MONTPELIER, Vt. (AP) -The new millennium dawned in northern New England with incomes dropping in Maine, rising sharply in New Hampshire and inching upward in Vermont, newly released U.S. Census data show.

An Associated Press analysis of Census data released Thursday compared median household incomes in 1998 through 2000 with the first three years of the new millennium, 2001 to 2003. The data also showed that the percentage of Vermont and Maine residents with health insurance grew while New Hampshire’s dropped.

New Hampshire’s median household income jumped from $48,029 in the earlier period to $55,166 in the later one, overtaking Connecticut as the leader in New England and ranking nationally behind only New Jersey and Maryland.

Anita Josten, a research analyst with the state Economic and Labor Market Information Bureau, said the numbers likely exaggerate the gains in her state.

Josten said that inflation would have to be factored in to make such a comparison. She said that in 2002 dollars, 1998-2000 number would be $50,176, rather than the $48,029 reported by the Census Bureau.

“There was still growth, but it’s not that strong,” she said.

Maine’s median household income went in the opposite direction from its neighbor’s, dropping from $39,815 to $37,619 between the same two periods, the Census data showed.

Maine’s drop in salaries came as a surprise to a state economist who said state Labor Department figures showed salaries growing.

Galen Rose, economist for the Maine State Planning Office, said he thought the difference in statistics might be that the state figures only take into account those who are working, not all working-age adults.

But he said there is a concern that Maine’s manufacturing jobs are being replaced by jobs that do not pay as well.

Maine has lost nearly 18,000 manufacturing jobs during the last three years, the nation’s highest rate of production job losses.

“On balance, the jobs that we have lost in manufacturing would pay more on average than those we’ve gained. So that would tend to push it down,” Rose said.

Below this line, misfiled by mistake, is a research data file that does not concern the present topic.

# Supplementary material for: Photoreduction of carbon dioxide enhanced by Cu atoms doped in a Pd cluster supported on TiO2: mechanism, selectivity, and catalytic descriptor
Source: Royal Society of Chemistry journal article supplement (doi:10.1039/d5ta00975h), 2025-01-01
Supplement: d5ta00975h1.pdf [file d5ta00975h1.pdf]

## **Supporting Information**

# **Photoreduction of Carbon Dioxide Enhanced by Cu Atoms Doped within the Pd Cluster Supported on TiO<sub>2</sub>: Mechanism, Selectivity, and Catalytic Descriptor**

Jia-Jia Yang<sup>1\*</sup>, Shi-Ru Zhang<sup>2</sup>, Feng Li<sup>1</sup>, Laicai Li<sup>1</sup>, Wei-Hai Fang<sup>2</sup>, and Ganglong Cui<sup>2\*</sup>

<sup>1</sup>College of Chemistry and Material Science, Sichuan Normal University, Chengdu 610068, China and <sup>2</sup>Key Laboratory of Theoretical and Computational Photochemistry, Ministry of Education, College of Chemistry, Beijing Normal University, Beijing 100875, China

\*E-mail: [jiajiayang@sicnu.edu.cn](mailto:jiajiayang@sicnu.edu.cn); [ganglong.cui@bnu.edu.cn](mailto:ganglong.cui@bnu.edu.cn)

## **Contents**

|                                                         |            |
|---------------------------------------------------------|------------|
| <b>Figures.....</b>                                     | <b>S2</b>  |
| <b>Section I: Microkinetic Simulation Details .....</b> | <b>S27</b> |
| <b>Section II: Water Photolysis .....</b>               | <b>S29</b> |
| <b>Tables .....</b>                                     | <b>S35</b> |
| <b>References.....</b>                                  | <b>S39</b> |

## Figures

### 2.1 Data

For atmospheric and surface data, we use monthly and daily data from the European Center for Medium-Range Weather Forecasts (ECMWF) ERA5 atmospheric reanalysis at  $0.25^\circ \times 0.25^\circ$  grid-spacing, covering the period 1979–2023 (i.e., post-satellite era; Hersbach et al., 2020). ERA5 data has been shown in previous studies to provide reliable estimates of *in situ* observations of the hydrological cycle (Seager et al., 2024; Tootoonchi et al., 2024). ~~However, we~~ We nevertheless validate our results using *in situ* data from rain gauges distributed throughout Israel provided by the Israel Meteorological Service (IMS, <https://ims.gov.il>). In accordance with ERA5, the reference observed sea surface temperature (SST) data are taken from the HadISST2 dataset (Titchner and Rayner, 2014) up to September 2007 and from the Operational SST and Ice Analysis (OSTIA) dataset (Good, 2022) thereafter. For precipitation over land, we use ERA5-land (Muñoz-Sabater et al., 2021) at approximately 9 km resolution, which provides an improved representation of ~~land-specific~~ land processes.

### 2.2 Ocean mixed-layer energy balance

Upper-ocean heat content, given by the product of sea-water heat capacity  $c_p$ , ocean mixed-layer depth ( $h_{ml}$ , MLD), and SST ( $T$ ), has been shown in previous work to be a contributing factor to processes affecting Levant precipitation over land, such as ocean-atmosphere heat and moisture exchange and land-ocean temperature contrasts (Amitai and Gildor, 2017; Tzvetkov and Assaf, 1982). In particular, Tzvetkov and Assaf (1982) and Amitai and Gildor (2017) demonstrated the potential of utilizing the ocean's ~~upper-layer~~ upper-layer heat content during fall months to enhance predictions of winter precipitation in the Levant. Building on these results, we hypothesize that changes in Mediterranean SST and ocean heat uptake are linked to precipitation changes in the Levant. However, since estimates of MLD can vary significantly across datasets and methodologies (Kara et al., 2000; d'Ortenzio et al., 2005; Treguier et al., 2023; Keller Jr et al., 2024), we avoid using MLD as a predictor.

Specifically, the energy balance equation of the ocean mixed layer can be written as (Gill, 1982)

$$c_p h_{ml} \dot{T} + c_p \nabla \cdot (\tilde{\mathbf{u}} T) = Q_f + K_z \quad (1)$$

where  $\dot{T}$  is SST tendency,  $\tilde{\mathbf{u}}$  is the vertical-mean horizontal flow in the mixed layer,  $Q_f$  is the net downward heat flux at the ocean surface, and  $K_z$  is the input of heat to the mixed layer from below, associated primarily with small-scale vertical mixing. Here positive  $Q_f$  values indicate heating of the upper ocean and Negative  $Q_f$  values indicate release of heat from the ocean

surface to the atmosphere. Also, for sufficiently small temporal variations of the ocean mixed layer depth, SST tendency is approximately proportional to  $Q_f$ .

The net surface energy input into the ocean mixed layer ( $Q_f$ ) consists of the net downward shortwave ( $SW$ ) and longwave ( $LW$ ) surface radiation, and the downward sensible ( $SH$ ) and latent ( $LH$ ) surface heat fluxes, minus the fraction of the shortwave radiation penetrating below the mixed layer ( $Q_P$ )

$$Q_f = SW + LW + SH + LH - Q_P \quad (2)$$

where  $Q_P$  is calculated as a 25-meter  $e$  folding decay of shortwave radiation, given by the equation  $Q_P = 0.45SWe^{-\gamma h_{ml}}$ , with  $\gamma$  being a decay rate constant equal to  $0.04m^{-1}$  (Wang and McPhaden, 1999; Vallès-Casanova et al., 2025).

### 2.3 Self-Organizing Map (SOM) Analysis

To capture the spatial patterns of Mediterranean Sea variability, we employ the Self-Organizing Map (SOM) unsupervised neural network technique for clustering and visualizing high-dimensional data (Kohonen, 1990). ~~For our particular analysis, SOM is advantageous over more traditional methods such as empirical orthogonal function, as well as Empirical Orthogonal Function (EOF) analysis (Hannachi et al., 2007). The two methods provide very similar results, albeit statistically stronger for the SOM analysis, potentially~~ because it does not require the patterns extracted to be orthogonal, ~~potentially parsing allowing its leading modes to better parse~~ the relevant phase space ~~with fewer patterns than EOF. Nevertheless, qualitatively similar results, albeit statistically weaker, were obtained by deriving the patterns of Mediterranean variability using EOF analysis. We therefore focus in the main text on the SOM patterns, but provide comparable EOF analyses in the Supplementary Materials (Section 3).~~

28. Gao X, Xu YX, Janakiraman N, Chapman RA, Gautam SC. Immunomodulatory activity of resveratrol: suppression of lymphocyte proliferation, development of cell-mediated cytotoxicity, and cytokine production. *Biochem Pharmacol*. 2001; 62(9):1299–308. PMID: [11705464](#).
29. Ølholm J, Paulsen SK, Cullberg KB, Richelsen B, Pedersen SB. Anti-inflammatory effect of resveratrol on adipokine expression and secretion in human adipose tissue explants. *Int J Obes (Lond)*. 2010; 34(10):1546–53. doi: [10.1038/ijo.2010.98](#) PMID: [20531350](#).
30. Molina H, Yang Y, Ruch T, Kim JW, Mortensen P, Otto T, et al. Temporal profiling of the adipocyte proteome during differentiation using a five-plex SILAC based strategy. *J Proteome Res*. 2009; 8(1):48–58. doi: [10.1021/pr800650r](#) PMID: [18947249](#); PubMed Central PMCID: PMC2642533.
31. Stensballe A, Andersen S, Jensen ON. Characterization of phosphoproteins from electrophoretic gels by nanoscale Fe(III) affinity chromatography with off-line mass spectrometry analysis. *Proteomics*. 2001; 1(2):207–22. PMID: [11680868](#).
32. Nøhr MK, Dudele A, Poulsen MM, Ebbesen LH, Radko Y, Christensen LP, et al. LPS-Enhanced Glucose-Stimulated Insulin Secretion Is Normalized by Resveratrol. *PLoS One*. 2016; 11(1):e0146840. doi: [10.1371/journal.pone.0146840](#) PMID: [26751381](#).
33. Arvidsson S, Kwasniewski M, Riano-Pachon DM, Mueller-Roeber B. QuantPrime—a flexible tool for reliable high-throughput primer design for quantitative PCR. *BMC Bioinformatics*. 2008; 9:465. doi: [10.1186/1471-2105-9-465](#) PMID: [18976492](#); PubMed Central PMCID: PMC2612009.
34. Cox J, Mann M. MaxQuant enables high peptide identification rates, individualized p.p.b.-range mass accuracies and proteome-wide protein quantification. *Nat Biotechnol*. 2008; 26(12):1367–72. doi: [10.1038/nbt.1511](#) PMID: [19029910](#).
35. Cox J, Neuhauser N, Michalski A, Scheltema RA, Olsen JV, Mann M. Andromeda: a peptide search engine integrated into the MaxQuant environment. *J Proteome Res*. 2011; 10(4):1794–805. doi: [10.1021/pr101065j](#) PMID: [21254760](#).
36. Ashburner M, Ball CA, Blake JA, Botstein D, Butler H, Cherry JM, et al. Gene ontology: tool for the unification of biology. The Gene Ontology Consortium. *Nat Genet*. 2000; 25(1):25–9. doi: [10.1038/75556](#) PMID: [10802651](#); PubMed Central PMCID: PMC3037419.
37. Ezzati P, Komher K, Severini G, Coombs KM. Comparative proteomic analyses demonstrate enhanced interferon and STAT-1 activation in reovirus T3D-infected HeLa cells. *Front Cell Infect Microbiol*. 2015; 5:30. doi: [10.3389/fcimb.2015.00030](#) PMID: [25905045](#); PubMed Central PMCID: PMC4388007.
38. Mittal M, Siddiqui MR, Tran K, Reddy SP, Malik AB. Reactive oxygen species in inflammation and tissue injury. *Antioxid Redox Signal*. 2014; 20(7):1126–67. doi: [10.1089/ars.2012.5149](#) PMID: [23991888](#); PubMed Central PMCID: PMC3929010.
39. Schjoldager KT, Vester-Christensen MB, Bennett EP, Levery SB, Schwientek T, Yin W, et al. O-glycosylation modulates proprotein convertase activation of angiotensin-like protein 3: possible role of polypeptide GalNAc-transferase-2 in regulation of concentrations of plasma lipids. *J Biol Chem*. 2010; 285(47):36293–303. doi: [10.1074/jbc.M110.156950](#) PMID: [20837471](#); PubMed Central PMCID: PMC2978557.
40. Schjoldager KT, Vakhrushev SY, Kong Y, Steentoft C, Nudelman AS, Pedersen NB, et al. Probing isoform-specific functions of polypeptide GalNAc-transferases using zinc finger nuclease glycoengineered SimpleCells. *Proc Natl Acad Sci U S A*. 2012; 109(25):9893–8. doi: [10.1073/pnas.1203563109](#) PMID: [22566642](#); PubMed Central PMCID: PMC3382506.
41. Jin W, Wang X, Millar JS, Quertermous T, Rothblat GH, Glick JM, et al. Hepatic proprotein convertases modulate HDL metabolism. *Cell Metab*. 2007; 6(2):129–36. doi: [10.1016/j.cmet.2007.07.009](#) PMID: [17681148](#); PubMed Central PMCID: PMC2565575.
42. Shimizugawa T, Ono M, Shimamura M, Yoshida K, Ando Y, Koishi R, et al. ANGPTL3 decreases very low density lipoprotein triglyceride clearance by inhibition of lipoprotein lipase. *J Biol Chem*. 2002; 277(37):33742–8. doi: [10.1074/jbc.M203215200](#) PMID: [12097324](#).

Vermont’s median income went from $40,908 in the earlier period to $43,212 in the later one. Vermont historically has slightly lagged the national median, but it closed the gap somewhat as the U.S. median rose less quickly, from $41,789 to $43,527.

The economic trends reflected in changing incomes also showed up in changing poverty rates. The percentage of Mainers living in poverty jumped from 9.8 to 11.8. New Hampshire’s poverty rate dropped from 7.4 to 6.0, the nation’s lowest. Vermont’s saw a smaller decline, from 10.1 to 9.4.

Vermont’s relative lack of economic volatility came as no surprise to Richard Heaps, an economist with Northern Economic Consulting in Westford.

He called Vermont’s economy “hard to get excited about,” but said the state’s 3.5 percent unemployment rate indicated “reasonably good” economic health overall. “There are a lot of states that would love to have that (unemployment) rate,” Heaps said.

Both Maine and Vermont made progress in the percentage of residents covered by health insurance, while the percentage of New Hampshire residents with health insurance dropped.

In Maine, 11.5 percent were without insurance in the 1998-2000 period; 10.7 percent had no coverage on average in the three years ending in 2003. Vermont’s rate of uninsured dropped from 10.3 percent to 9.9 percent, while New Hampshire’s jumped from 8.6 percent to 9.9 percent.

All three states were well above the national average in residents with health insurance coverage. The U.S. figure went from 14.4 percent in the last three years of the Clinton administration to 15.1 percent in the first three years under President Bush.

AP-ES-08-26-04 1735EDT


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